Redshift can also scale but not as instantly as Snowflake. It takes anywhere between a few minutes to a few hours to add new nodes to its clusters. In December 2019, AWS introduced RA3 Nodes which allows Redshift to scale and pay for compute and storage independently, so some of these scaling limitations may not be as cumbersome as in the past.

 

5. Data Structure

Winner: Snowflake

Snowflake works well with multiple structured and semi-structured data formats such as JSON.

Redshift follows pure columnar storage format and is optimized for structure data storage making it hard to query JSON data. AWS recommends minimal usage of JSON “We recommend using JSON sparingly. JSON is not a good choice for storing larger datasets because, by storing disparate data in a single column, JSON does not leverage Amazon Redshift’s column store architecture.”

 

6. Security

Winner: Tie

Redshift has end-to-end security which can be tailored to fit your requirements. Integration with AWS CloudTrail provides auditing to help meet compliance.

Snowflake offers different editions based with varying levels of security. Hence you can opt for a lower edition if full security is not required.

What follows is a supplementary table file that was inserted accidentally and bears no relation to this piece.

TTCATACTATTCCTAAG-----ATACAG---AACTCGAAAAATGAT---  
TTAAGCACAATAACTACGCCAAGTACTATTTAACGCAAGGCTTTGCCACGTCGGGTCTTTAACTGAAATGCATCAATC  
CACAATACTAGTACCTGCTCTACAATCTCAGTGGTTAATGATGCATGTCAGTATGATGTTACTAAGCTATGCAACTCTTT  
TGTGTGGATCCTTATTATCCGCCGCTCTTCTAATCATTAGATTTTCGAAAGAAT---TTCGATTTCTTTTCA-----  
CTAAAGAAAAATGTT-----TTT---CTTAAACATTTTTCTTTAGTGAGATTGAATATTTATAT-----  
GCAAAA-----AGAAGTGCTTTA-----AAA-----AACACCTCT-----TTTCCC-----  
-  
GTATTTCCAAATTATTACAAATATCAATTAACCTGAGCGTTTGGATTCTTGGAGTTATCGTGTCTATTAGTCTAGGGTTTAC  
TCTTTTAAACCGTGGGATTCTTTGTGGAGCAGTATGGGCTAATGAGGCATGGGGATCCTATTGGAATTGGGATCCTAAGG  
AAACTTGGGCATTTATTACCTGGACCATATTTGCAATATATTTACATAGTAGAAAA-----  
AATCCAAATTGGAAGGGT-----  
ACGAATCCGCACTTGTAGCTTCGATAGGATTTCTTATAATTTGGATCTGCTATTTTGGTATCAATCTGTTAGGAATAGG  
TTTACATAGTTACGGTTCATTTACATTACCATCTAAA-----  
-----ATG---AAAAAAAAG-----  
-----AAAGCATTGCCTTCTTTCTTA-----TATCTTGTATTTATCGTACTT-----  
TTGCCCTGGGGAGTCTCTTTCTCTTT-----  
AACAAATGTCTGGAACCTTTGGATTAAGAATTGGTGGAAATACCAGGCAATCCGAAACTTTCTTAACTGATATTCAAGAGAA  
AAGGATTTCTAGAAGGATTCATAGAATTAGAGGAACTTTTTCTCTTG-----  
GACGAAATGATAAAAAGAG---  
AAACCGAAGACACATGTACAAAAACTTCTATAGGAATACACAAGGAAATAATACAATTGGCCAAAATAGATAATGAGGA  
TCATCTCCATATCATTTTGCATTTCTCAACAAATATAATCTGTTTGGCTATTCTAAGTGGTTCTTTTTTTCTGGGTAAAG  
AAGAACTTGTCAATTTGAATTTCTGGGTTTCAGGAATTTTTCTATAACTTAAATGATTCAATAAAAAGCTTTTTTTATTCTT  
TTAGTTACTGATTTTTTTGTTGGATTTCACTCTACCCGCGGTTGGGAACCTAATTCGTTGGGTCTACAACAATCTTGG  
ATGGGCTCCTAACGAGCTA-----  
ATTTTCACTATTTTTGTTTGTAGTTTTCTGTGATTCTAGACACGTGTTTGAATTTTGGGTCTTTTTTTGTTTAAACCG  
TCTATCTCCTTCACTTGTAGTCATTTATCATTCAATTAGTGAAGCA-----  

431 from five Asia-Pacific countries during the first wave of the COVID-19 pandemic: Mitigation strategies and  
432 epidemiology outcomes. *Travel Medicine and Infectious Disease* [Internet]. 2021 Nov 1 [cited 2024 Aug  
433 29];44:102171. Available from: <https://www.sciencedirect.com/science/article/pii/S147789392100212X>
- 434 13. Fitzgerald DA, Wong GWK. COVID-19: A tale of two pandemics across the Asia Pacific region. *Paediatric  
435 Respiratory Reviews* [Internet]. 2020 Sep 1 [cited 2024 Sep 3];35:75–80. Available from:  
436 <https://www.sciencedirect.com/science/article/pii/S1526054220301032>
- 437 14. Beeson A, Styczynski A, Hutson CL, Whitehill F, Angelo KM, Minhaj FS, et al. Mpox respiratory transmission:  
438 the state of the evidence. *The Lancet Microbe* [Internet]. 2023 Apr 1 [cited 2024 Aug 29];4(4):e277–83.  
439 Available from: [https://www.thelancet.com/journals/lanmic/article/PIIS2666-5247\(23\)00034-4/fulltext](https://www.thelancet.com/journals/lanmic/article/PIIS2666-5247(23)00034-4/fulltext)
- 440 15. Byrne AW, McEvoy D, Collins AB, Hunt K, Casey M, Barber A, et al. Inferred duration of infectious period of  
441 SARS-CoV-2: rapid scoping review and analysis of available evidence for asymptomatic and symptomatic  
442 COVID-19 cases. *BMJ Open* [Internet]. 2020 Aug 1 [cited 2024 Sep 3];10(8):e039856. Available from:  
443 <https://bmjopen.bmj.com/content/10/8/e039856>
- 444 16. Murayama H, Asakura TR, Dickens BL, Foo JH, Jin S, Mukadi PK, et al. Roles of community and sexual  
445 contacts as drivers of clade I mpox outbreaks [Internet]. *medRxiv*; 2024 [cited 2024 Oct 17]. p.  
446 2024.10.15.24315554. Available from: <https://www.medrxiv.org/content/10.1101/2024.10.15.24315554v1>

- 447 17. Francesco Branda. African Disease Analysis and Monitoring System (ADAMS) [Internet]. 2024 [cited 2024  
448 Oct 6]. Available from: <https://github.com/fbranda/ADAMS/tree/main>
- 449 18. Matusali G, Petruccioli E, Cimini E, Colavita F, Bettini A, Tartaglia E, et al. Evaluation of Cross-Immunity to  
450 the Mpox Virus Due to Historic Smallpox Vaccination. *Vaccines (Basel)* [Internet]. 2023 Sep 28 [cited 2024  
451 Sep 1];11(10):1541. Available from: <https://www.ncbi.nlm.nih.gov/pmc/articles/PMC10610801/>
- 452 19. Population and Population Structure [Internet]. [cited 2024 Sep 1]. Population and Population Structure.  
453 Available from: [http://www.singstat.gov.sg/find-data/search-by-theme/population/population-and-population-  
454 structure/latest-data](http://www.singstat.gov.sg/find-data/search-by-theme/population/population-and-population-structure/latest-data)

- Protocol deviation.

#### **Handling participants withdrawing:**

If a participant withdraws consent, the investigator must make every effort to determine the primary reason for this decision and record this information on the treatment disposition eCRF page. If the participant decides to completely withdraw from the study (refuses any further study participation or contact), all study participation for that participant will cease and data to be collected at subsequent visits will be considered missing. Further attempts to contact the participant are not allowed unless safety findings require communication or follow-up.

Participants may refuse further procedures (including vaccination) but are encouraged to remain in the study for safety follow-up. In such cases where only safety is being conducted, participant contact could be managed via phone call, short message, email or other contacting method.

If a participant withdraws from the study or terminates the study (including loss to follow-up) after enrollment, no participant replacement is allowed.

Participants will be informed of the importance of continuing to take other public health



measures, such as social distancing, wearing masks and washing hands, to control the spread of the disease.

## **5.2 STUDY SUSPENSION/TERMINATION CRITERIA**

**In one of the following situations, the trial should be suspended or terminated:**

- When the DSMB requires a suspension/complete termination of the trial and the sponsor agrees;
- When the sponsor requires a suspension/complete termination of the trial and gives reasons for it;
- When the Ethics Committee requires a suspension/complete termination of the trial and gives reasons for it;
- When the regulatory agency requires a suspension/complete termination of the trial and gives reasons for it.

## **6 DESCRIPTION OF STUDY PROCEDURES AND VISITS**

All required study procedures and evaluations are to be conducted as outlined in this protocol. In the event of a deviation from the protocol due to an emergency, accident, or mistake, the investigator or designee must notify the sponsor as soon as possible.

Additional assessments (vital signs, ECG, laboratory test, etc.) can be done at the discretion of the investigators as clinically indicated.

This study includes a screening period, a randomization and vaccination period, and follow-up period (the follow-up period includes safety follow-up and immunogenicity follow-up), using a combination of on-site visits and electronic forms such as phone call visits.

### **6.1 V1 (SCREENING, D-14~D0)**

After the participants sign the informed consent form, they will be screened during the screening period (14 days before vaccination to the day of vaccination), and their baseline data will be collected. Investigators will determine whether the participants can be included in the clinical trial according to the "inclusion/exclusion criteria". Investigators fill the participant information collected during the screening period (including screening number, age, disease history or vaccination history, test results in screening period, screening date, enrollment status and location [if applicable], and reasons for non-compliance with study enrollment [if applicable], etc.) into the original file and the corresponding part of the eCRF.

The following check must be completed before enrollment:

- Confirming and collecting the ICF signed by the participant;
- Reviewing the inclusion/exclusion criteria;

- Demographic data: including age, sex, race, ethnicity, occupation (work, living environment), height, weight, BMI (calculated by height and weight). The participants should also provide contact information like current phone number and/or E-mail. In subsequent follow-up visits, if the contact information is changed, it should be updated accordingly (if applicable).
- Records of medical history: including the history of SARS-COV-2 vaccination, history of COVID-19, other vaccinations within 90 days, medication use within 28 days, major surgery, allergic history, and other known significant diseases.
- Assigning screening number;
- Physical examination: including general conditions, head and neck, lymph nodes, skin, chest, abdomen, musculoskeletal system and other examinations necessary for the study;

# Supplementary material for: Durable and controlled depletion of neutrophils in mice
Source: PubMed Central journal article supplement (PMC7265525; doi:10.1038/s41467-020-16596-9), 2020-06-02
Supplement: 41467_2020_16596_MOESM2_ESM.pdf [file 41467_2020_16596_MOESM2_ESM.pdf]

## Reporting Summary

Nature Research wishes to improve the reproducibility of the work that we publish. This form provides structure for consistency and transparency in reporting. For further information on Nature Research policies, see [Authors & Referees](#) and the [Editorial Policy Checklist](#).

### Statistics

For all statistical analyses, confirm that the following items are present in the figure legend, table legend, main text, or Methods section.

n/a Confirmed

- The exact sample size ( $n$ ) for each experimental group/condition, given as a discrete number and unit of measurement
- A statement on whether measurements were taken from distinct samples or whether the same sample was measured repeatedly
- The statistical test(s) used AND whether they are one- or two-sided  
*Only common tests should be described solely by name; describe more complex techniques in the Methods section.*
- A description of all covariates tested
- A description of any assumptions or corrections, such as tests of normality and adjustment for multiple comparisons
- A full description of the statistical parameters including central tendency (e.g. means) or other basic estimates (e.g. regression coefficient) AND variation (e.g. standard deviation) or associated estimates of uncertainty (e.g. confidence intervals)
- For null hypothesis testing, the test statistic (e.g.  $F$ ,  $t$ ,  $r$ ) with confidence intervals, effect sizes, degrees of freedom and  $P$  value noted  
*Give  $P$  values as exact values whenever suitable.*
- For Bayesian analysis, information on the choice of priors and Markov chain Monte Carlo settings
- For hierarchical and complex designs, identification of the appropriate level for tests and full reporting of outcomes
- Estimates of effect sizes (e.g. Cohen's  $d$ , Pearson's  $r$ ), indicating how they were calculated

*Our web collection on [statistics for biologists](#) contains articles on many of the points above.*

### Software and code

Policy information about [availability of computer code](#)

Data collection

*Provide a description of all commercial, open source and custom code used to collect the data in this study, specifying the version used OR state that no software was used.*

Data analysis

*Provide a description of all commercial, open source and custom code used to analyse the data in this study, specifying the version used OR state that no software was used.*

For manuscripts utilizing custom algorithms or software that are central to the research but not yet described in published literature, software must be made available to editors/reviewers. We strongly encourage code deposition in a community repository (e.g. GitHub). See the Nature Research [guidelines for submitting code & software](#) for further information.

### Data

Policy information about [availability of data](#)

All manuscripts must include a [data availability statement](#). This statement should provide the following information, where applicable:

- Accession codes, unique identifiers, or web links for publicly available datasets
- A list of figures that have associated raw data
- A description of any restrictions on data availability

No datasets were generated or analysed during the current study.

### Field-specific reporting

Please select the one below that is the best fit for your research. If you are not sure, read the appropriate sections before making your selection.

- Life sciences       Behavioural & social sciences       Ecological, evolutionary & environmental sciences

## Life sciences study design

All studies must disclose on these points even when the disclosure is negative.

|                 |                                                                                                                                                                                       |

7. Pricing

Winner: It depends

Snowflake prices Compute and Storage separately. Snowflake offers a dynamic pricing model – clusters will stop when no queries are running and automatically resume when they are, and they can flexibly resize themselves based on a changing workload. This can potentially save you money when query load decreases.

Originally, Redshift did not price Compute and Storage separately. In December 2019, Amazon launched RA3 nodes that separate compute and storage pricing. Amazon also offers other pricing models.

 

Comparison Summary – Snowflake vs. Redshift

I put together a summary of the comparison of Snowflake versus Redshift to help you decide.

CriteriaSnowflake Redshift
Integration
Winner: It depends
It is a little harder to integrate Snowflake with other AWS services such as Athena and Glue.
However if you are worried about vendor lockin, Snowflake has a variety of integration options for tools outside the AWS marketplace such as Apache Spark, IBM Cognos, Tableau etc
If you are already using AWS, then Redshift integrates easily with other other AWS services like Glue, Athena, CloudWatch etc.
Maintenance
Winner: Snowflake
Snowflake is completely automated and does not require any maintenance activity from the user.For Redshift, regular Vacuum/Analyse tables are required.
Performance
Winner: It depends
In Snowflake the storage layer is separated from the compute layer in order to optimize their individual performance.
Snowflake services layer does all the query planning and query optimization based on data profiles that are collected automatically as the data is loaded. It automatically collects and maintains the required statistics to determine how to most effectively distribute the data and queries across the available compute nodes.